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Private Genome Sequencing Effort May Hasten Separate Public Venture

Leaders of separate public and private efforts to sequence the human genome used words such as "cooperation," "collaboration," and "partnership" to describe their intentions toward each other during a hearing last month in Washington, D.C. But both projects appear headed on separate, although not quite independent, courses. The private project--a joint venture between Perkin-Elmer Inc., a Norwalk, Conn.-based manufacturer of sequencing equipment, and J. Craig Venter, president of The Institute

Paul Smaglik

Leaders of separate public and private efforts to sequence the human genome used words such as "cooperation," "collaboration," and "partnership" to describe their intentions toward each other during a hearing last month in Washington, D.C. But both projects appear headed on separate, although not quite independent, courses.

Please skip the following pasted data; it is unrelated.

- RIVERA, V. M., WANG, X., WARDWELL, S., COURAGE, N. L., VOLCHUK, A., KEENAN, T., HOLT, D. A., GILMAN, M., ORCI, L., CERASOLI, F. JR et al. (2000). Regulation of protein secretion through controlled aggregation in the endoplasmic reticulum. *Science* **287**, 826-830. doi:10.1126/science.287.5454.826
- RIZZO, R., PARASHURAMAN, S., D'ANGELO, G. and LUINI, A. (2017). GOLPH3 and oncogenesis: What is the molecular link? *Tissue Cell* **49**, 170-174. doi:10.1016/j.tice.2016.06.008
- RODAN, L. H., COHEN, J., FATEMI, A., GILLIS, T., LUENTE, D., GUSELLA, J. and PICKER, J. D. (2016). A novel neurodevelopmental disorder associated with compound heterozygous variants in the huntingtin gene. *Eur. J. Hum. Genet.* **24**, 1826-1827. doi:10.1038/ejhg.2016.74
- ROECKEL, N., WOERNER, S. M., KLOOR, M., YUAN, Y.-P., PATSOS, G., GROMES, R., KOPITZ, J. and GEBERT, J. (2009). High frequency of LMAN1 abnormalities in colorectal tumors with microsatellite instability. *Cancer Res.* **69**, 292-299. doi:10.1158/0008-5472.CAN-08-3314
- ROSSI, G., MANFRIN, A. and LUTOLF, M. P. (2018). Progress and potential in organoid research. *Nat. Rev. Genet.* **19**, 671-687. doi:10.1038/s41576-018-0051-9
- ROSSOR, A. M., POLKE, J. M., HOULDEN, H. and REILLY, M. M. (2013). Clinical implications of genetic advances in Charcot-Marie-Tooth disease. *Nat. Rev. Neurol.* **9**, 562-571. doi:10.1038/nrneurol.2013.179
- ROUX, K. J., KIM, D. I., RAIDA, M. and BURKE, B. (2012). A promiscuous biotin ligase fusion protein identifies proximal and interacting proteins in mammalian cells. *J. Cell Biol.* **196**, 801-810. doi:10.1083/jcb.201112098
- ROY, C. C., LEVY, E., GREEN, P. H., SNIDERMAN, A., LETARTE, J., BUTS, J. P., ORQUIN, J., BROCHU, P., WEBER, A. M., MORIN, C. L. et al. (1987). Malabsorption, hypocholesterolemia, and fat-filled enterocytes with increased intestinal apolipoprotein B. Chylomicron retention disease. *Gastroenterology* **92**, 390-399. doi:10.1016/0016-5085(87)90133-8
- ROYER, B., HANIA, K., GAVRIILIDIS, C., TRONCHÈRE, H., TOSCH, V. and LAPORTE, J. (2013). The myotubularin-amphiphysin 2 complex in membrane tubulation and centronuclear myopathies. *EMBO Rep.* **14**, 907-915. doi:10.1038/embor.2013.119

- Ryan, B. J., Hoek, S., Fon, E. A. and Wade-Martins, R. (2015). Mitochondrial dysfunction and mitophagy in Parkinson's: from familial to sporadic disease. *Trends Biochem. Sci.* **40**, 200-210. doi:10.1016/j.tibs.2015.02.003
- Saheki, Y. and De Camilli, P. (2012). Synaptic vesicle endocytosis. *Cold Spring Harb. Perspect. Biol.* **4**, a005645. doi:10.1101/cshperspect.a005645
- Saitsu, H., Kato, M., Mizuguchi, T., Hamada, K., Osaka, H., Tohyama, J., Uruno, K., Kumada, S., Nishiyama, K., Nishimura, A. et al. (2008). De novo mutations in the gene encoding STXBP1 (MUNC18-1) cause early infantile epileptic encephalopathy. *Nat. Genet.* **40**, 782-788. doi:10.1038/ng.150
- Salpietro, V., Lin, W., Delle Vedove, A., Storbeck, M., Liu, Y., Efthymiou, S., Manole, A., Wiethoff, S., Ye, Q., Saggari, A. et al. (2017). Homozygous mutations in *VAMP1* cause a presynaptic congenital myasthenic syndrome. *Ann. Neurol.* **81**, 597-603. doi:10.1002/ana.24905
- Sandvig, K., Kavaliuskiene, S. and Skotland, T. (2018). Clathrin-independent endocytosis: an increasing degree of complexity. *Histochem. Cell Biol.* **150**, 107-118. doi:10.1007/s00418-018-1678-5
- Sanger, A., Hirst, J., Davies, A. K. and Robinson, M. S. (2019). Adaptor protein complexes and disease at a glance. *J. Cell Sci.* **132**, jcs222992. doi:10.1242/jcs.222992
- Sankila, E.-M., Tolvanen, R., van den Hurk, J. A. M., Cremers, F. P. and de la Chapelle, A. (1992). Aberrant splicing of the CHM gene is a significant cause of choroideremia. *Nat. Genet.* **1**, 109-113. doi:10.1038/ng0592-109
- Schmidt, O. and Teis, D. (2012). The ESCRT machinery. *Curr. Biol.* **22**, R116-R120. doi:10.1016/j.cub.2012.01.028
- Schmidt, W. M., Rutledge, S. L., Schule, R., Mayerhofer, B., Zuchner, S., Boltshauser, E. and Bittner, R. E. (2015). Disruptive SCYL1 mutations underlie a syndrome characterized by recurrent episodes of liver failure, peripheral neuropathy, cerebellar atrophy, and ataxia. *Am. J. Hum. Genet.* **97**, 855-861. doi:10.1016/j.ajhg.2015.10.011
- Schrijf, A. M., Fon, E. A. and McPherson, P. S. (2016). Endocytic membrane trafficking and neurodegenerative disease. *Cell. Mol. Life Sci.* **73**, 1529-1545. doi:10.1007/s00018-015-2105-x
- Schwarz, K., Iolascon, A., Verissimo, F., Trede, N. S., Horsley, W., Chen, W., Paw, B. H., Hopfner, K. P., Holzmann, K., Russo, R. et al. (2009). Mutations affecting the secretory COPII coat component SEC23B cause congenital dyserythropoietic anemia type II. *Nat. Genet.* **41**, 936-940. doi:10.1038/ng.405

The private project--a joint venture between Perkin-Elmer Inc., a Norwalk, Conn.-based manufacturer of sequencing equipment, and J. Craig Venter, president of The Institute for Genomic Research (TIGR) in Rockville, Md.--seeks to complete its version of the human genome by the year 2001. The yet-to-be-named company will use highly automated sequencing machines that Perkin-Elmer recently unveiled, greater computational power, and the "whole genome shotgun" sequencing strategy to blast 10 human genomes into billions of base pairs, then reassemble them, in order.

The federally sponsored Human Genome Project, will continue to plug away using a clone-by-clone approach to slowly build billions of DNA pieces...

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